Corporate / Environmental
American Honda Motor Co. Certifies Five Green Buildings in U.S. This Year
American Honda Motor Co., Inc. has certified five new green buildings under the U.S. Green Building Council's LEED (Leadership in Energy and Environmental Design) standards this year as part of an effort to further reduce the environmental impact of Honda's operations and products in the U.S. One of these facilities - Honda's Data Center in Longmont, Colo. - is the first LEED Version 2.2 Silver certified data center in the country. Data centers are considered difficult to certify because of their large energy consumption.
Honda's five LEED-certified facilities this year include:
- LEED-EB Platinum - Northwest Regional Facility in Gresham, Oregon;
- LEED-NC Gold - Honda R&D America's Acura Design Studio in Torrance, Calif.;
- LEED-NC Gold - American Honda's Midwestern Consolidation Center in Troy, Ohio;
- LEED-NC Gold - Honda Aircraft Company World Headquarters, Greensboro, N.C.; and,
- LEED-NC Silver - Data Center in Longmont, Colo.
In addition to these new certifications, Honda has two other LEED Gold buildings: Honda R&D America's central plant facility in Raymond, Ohio, certified in 2006, and American Honda's Northwest Regional Facility in Gresham Oregon, certified in 2002.
"The USGBC sees Honda's green building activity as a sign of its leadership and commitment to reducing the environmental impact of its buildings," said Doug Gatlin, vice president of market development for the U.S. Green Building Council. "In fact, Honda was the first to build a LEED Gold certified mixed-use industrial facility in the USA. In this Gresham, Oregon, facility they've looked at landscaping, water efficiency, use of native species and then all the efficiency optimization measures within the building. Honda's not only achieved LEED Gold but now gone back through to look at all the operational efficiencies that they can achieve and just this year earned a LEED Platinum certification through our Existing Buildings ratings system."
Among many site-specific efficiencies and innovations, these new facilities share common sustainable features such as:
- Energy Star highly reflective roof and dual-paned windows with low-emissivity glass to reduce solar heat gain
- Extensive use of recycled and recyclable materials in the building envelope and interior
- Use of U.S. steel, guaranteed to contain at minimum 25 percent, and often as much as 90 percent, recycled content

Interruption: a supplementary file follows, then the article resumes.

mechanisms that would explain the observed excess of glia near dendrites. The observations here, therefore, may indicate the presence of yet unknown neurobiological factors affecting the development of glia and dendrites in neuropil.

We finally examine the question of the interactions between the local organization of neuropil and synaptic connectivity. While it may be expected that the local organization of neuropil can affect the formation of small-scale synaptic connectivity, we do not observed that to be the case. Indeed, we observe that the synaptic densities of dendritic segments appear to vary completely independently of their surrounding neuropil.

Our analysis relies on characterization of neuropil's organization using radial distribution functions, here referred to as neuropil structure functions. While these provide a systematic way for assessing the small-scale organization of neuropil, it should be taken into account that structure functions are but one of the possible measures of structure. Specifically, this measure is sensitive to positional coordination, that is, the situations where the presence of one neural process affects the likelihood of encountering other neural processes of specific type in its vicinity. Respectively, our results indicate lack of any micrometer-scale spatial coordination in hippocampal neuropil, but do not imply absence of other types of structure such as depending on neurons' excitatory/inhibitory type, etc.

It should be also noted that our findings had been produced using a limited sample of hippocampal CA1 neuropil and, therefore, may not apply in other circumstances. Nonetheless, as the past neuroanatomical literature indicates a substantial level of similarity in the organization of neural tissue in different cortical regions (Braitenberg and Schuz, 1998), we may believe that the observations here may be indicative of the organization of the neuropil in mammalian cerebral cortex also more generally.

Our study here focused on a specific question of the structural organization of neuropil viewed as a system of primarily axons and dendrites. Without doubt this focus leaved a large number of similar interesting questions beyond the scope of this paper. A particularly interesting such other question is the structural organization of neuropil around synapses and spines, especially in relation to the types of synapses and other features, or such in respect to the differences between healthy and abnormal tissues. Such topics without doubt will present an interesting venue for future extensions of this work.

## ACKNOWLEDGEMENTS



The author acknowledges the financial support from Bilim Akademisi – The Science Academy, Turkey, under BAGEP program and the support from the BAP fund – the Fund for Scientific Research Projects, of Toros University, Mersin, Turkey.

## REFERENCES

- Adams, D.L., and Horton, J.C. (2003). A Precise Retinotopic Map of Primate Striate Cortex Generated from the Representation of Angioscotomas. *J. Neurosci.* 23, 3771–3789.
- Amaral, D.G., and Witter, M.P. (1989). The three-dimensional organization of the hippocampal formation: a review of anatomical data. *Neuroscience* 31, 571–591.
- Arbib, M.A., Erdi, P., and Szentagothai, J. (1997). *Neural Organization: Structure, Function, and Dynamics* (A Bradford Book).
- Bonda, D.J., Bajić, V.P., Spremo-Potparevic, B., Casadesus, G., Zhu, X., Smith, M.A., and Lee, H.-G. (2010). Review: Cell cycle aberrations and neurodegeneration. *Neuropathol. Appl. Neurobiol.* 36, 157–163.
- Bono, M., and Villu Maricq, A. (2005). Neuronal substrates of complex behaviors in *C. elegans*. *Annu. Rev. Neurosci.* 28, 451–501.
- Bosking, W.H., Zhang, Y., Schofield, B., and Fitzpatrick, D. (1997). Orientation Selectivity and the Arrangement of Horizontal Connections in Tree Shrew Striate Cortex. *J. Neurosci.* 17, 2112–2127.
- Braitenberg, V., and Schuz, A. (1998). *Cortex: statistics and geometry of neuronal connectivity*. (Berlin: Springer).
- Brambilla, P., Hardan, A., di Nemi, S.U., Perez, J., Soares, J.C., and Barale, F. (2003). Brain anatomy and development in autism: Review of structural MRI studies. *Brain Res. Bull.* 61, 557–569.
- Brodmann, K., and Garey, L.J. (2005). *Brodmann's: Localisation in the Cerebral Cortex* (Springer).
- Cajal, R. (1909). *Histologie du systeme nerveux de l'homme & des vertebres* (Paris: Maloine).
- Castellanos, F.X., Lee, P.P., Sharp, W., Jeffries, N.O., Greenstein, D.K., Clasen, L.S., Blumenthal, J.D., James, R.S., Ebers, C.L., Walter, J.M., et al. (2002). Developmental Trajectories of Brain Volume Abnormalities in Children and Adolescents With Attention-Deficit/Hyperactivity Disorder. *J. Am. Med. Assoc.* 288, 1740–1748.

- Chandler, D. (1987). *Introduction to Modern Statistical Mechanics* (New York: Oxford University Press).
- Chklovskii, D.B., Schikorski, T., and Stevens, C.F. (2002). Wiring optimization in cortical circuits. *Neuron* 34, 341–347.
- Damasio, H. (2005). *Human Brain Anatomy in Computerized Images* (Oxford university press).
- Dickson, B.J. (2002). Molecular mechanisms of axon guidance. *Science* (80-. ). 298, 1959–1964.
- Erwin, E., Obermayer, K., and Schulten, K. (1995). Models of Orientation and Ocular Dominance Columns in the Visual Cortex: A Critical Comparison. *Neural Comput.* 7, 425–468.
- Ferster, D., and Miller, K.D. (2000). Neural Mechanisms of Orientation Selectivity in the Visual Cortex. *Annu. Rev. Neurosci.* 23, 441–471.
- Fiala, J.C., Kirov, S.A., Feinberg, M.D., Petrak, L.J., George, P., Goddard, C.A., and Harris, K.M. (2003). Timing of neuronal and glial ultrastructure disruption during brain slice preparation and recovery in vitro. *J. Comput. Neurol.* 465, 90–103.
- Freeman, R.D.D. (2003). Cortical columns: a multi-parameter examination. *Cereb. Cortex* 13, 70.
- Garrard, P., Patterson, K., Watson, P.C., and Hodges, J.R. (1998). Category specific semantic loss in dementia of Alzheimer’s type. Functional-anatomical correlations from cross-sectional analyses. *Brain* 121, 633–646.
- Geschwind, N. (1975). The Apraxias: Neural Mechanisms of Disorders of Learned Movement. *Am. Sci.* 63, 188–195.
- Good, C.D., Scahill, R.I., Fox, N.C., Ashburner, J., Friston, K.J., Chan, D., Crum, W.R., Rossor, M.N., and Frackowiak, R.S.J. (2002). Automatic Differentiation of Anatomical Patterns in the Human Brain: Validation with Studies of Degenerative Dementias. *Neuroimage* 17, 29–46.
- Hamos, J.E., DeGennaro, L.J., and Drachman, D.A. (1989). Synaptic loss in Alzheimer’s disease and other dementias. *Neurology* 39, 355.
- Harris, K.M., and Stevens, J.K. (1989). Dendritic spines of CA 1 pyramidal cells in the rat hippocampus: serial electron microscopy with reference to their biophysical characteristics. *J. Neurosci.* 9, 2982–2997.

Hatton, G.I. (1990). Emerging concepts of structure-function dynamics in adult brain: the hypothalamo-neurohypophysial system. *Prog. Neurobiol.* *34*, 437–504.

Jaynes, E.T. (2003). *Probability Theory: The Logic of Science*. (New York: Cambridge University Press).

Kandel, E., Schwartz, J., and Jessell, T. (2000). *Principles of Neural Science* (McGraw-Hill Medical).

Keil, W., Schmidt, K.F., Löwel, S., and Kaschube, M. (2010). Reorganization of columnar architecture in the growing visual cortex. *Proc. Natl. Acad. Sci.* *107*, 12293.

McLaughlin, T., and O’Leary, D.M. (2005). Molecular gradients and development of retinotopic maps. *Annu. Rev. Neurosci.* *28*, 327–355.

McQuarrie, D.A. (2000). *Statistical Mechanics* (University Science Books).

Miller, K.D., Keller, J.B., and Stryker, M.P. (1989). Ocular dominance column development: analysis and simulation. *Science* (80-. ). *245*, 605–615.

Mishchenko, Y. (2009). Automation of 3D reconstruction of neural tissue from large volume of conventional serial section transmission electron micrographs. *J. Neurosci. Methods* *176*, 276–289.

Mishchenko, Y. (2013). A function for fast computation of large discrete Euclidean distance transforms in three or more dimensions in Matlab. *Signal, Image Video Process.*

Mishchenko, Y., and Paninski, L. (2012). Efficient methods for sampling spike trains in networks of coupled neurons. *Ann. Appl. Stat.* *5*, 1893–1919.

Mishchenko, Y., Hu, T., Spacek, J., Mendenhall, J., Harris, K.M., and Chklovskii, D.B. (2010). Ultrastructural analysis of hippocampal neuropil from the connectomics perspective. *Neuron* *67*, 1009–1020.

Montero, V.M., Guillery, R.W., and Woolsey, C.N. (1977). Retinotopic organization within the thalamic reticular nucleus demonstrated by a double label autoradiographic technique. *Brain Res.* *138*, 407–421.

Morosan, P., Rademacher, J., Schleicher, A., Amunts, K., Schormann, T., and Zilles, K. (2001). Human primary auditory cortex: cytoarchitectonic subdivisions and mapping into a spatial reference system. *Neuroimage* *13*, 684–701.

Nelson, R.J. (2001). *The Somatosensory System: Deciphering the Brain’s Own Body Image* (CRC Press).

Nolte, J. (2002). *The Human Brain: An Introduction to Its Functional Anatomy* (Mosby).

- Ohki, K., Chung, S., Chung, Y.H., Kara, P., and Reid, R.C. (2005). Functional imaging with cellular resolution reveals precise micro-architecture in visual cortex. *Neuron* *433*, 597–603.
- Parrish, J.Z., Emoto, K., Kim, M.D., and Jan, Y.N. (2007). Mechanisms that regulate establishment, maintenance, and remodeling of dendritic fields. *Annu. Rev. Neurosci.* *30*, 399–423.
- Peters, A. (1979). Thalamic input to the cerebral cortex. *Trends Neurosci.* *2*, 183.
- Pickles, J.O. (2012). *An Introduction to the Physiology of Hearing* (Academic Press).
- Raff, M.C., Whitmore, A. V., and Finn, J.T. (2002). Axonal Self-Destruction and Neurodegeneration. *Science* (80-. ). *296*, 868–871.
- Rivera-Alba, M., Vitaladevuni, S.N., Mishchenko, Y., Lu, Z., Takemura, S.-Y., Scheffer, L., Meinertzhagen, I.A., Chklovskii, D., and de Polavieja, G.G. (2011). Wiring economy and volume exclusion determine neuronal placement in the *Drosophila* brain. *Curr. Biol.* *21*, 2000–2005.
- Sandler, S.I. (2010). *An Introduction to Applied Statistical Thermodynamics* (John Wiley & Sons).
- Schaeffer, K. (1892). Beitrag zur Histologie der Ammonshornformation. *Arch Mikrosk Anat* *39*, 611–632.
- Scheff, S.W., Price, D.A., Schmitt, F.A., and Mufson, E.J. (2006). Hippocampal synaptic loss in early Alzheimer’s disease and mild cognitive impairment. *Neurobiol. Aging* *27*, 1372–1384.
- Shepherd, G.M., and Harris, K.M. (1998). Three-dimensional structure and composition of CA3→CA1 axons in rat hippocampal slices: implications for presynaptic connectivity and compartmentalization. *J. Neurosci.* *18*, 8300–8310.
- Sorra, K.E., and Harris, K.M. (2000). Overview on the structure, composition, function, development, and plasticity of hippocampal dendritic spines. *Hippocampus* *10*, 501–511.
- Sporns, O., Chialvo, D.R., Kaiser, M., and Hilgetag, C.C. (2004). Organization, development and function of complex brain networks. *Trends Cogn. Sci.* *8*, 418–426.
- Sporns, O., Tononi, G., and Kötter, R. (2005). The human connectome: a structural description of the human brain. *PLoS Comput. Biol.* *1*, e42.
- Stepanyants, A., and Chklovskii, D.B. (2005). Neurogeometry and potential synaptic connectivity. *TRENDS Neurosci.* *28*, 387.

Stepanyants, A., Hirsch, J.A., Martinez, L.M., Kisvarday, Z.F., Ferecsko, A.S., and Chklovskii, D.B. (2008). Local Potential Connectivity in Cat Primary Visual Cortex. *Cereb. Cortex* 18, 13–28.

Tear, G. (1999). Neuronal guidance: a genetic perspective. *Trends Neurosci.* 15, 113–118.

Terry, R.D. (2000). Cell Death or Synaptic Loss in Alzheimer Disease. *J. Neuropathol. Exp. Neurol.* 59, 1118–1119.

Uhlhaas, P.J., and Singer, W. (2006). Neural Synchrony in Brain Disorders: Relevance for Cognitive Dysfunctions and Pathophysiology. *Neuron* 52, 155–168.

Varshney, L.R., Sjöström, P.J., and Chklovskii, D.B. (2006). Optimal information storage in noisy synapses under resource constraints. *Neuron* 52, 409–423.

- Energy-efficient light fixtures with motion sensors
- Diversion of construction waste from landfills to recycling centers
- Selection of suppliers based on the high level of recycled content of their products and their proximity to the job site.
"We have embraced the green building program for many years, since 1999 when we built our first certified building in Gresham, Oregon" said Barbara van Gaasbeek, national administrator of American Honda's green building programs. "Although it takes an increased amount up front to build a green building, the payback is in reduced utility bills, because of reduced water and electricity use. So for the lifetime of a building, say 20 to 50 years, that's a lot of payback." Added van Gaasbeek, "It is the right thing to do and everyone should be doing it."
A few of the unique features at Honda's newly certified buildings include the Acura Design Studio's high-efficiency displacement ventilation system that moves cool air from rooftop air conditioning units to large, floor-level grills, where it displaces heat from the human body. The 547,000 square-foot Midwestern Consolidation Center has a mezzanine made from wood certified by the Forest Stewardship Council as having come from sustainably-managed forest lands. And, the Honda R&D Central Plant uses an ice chiller system that reduces peak energy demand from air conditioning by as much as half.
"The triple bottom line for businesses pursuing LEED certification is people, planet and profit" said Gatlin. "Green building really demonstrates that environmental stewardship and profitability can go hand in hand. The improved indoor air quality for employees, reduced environmental footprint, and reduced operating expenses over the long term make it appealing for companies like Honda."
Honda is a leader in the development of leading-edge technologies to reduce CO2 emissions, including advanced gasoline engines, gasoline-electric hybrids, natural gas-powered engines, and hydrogen fuel cells. Founded in Japan in 1948, Honda began operations in the U.S. in 1959 with the establishment of American Honda Motor Co., Inc., Honda's first overseas subsidiary. Honda began U.S. production of motorcycles in 1979 and automobiles in 1982. The company has invested more than $10.6 billion in its North American operations with 16 major manufacturing facilities, employment of more than 35,000 associates, and annual purchases of more than $18.8 billion in parts and materials from suppliers in North America.
More information about Honda's environmental initiatives and products can be found in the annual North American Environmental Report which can be downloaded at http://www.corporate.honda.com.